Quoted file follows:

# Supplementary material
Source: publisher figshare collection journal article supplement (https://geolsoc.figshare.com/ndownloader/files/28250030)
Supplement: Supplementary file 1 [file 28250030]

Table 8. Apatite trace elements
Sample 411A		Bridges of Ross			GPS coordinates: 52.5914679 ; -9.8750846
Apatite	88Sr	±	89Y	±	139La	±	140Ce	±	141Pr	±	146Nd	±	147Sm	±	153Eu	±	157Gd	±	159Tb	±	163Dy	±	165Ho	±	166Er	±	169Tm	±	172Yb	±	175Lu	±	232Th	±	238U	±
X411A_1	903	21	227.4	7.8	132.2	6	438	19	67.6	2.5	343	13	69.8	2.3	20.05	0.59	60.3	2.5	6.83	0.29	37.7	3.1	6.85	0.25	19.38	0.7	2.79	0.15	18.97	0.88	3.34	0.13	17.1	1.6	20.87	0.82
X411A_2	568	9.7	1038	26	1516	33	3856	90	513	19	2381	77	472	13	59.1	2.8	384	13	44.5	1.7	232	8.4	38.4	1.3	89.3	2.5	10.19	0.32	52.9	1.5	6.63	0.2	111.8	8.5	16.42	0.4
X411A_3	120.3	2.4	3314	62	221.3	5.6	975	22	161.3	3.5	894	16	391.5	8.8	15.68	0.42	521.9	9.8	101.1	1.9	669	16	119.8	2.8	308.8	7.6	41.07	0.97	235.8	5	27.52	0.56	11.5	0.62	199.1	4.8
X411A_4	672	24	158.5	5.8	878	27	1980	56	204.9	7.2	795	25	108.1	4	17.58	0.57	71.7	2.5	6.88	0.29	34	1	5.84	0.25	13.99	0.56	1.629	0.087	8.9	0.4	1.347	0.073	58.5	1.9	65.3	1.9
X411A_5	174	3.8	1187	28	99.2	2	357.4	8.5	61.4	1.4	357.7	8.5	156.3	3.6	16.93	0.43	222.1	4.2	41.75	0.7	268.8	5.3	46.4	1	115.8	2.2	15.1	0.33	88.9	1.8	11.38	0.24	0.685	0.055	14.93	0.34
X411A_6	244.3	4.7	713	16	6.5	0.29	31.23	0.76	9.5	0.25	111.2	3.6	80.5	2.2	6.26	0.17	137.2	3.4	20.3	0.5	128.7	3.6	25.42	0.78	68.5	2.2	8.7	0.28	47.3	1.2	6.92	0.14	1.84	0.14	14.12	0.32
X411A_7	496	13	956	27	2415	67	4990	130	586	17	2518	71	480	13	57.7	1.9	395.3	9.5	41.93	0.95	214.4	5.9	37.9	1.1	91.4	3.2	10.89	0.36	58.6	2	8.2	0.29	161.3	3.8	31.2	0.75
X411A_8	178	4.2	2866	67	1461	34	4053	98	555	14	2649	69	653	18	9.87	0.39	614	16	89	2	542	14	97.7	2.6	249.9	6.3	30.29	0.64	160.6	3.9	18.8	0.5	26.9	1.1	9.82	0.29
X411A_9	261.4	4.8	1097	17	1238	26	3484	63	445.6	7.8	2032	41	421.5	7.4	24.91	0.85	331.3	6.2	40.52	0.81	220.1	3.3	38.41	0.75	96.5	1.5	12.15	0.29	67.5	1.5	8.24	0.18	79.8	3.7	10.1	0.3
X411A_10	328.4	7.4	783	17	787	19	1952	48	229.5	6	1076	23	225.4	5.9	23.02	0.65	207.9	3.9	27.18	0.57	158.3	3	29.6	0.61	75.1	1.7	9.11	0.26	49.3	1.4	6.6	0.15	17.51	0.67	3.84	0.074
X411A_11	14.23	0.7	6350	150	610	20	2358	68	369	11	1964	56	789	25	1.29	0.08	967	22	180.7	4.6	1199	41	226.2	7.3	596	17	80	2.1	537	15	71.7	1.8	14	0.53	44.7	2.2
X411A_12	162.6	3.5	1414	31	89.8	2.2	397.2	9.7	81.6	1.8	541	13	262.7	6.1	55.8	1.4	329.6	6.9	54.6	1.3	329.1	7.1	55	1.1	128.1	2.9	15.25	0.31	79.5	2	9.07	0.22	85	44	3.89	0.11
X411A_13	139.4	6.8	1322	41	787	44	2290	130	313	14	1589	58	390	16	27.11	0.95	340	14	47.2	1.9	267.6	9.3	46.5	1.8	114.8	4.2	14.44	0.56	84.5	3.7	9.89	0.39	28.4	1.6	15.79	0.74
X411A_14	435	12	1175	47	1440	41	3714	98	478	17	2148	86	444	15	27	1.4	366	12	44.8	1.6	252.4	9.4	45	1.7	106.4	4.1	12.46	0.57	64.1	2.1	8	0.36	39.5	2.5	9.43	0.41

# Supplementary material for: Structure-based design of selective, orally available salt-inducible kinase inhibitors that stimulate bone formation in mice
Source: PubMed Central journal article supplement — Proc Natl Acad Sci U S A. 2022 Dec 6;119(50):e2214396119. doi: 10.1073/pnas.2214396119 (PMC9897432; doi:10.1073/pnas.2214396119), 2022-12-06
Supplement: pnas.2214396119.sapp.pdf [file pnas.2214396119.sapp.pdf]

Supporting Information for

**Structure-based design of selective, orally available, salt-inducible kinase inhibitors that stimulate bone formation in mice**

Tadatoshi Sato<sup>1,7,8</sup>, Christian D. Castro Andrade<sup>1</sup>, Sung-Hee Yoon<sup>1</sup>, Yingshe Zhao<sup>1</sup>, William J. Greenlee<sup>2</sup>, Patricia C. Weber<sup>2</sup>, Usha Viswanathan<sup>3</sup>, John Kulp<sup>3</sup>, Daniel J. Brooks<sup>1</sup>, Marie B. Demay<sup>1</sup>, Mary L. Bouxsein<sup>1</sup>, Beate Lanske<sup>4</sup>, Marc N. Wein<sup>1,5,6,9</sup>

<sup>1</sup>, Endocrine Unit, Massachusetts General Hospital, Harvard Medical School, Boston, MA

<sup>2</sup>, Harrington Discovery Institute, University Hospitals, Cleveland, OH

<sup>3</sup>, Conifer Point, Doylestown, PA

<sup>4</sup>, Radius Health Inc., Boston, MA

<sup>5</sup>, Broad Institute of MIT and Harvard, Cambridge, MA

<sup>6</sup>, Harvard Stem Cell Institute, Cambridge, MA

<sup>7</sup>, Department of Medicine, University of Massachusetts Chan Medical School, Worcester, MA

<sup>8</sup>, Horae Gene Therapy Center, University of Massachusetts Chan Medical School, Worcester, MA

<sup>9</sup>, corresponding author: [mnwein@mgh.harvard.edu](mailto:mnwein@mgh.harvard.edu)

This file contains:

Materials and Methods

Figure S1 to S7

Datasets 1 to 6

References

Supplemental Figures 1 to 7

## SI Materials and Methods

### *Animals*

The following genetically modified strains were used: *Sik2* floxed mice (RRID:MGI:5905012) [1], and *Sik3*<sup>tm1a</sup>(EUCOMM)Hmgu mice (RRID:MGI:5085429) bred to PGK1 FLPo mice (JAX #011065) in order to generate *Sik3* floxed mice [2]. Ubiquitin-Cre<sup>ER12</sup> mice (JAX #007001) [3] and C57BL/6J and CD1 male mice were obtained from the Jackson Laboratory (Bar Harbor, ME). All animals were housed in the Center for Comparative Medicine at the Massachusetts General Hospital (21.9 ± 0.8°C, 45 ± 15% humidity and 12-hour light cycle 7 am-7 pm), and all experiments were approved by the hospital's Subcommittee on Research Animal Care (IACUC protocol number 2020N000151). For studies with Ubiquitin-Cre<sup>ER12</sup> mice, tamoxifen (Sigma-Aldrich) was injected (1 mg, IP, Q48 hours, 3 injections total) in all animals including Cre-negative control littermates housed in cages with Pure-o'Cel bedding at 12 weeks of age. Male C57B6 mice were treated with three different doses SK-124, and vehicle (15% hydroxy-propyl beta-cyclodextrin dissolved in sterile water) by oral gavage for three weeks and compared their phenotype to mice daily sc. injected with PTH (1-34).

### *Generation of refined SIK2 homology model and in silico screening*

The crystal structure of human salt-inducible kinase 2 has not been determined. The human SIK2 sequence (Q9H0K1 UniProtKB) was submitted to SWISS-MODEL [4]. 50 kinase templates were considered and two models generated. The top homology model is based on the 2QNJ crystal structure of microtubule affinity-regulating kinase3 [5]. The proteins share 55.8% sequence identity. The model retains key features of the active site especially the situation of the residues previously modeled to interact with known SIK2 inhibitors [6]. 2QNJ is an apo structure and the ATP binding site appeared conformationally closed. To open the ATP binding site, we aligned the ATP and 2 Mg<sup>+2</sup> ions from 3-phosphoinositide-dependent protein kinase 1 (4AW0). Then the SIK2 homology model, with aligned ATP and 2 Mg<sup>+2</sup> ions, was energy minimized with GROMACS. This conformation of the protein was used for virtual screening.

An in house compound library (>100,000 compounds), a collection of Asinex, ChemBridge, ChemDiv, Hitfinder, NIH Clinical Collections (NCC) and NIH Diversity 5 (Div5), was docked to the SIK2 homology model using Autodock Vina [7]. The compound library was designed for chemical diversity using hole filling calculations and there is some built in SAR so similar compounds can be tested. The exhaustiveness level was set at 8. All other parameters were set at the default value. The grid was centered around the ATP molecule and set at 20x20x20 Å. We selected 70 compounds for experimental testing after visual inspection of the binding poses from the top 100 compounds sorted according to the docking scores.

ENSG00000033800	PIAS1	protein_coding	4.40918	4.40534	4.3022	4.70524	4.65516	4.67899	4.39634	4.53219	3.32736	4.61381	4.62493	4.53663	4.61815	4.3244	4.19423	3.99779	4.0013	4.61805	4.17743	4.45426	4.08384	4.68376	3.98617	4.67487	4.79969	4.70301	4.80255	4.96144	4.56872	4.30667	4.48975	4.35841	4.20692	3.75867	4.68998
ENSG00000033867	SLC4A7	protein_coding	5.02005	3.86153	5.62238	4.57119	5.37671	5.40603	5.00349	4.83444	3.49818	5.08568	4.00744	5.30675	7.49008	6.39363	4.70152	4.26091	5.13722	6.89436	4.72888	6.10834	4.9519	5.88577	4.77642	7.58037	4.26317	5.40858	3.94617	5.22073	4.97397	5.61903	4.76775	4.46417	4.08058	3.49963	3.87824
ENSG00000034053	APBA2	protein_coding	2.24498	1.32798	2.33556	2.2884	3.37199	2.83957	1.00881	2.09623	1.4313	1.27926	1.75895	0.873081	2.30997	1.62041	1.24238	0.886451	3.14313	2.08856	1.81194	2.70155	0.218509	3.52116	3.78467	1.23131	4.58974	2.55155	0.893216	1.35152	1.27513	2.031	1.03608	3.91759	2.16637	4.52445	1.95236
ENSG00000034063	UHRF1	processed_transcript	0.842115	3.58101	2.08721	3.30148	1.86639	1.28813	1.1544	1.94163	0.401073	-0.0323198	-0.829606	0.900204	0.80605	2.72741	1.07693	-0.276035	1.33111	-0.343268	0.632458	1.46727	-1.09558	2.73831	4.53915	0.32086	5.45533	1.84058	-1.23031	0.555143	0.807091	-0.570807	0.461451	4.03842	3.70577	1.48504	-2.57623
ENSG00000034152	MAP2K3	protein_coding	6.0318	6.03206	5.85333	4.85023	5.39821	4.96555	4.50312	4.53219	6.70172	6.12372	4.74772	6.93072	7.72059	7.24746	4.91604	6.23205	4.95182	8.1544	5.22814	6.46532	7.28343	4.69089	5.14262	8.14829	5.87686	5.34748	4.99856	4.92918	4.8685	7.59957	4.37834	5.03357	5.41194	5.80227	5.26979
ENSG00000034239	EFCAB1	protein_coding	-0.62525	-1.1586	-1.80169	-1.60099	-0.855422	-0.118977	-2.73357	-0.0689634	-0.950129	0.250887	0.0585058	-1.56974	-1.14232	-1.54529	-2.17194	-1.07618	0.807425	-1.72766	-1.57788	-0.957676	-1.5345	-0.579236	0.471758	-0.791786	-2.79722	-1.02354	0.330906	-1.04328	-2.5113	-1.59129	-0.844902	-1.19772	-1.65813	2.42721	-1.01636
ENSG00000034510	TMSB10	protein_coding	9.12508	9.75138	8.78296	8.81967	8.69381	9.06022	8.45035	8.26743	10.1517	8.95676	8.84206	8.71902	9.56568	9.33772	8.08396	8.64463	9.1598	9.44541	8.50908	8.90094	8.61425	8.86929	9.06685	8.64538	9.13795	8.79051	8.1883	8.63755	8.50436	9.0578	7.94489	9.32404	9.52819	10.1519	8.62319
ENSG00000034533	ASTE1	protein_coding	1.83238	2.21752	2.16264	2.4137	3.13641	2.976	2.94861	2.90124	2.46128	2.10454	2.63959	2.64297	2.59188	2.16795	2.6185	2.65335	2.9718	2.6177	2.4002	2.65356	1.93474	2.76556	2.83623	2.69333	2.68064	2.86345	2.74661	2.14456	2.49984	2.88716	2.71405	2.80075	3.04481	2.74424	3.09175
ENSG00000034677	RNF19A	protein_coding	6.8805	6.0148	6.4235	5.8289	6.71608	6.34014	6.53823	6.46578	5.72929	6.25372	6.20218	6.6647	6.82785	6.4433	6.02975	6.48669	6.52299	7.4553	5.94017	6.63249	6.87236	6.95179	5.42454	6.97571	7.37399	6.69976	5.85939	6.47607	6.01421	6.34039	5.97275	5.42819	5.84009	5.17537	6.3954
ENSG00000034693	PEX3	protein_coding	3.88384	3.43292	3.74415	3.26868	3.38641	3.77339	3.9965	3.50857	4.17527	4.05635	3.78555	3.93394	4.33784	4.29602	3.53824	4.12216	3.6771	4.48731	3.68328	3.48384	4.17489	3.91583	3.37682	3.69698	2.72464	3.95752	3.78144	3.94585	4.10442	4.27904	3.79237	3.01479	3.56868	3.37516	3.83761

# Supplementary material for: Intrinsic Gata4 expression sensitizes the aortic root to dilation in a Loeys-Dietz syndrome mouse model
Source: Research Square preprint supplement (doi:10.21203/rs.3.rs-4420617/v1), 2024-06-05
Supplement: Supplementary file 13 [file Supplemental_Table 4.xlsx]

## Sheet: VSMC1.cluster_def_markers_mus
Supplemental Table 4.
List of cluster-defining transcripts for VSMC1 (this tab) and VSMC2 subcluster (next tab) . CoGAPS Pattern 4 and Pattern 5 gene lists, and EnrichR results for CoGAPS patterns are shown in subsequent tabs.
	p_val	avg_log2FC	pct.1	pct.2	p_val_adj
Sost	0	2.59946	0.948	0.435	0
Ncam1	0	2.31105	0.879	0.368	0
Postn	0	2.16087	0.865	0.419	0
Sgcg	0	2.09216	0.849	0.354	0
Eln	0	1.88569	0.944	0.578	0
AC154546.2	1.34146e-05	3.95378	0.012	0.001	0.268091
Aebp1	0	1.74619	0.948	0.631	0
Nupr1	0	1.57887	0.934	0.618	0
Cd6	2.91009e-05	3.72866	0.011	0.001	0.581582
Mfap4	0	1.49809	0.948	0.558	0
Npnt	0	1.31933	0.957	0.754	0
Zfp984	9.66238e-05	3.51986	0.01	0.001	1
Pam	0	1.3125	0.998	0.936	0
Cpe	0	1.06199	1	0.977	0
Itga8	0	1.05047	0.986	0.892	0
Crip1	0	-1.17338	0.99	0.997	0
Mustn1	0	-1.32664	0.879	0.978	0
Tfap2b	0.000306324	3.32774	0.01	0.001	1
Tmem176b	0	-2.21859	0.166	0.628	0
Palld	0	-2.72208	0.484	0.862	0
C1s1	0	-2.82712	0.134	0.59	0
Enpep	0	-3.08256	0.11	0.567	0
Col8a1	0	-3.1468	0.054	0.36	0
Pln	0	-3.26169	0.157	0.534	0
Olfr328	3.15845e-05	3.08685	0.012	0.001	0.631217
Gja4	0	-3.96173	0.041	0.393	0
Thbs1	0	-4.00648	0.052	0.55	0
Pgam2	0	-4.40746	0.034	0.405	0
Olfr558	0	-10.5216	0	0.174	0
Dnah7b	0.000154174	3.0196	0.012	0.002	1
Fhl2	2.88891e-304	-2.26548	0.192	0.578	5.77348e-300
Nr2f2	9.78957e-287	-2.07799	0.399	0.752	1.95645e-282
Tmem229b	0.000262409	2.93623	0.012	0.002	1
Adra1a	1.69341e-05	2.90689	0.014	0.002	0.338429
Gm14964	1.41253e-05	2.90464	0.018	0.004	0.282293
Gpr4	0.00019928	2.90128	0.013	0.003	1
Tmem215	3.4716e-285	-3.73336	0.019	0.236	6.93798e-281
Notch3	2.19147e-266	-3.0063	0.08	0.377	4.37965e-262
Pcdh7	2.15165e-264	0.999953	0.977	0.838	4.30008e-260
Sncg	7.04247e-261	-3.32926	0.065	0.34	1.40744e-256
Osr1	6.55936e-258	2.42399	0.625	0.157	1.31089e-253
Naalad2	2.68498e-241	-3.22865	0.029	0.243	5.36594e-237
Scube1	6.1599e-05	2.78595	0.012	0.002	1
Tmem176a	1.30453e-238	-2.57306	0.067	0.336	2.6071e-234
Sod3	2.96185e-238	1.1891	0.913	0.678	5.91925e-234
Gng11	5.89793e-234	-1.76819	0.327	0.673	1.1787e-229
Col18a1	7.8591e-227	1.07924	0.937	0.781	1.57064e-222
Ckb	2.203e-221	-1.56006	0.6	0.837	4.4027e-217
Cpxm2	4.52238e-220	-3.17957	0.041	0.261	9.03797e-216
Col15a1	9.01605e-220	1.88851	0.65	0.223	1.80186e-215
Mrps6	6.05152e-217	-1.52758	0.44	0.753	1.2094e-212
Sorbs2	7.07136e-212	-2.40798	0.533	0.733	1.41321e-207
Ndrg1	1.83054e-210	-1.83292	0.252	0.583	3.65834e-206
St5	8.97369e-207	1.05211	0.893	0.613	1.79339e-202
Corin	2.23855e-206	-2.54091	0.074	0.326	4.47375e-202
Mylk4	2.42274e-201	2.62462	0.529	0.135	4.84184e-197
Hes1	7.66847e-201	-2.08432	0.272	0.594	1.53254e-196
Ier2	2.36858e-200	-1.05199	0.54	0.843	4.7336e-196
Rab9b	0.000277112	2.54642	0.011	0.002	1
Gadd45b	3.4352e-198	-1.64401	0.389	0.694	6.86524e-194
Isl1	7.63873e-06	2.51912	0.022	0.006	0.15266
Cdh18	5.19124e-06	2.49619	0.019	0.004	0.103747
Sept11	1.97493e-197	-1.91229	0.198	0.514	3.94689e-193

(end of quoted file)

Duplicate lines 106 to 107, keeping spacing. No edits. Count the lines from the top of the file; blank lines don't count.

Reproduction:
Naalad2	2.68498e-241	-3.22865	0.029	0.243	5.36594e-237
Scube1	6.1599e-05	2.78595	0.012	0.002	1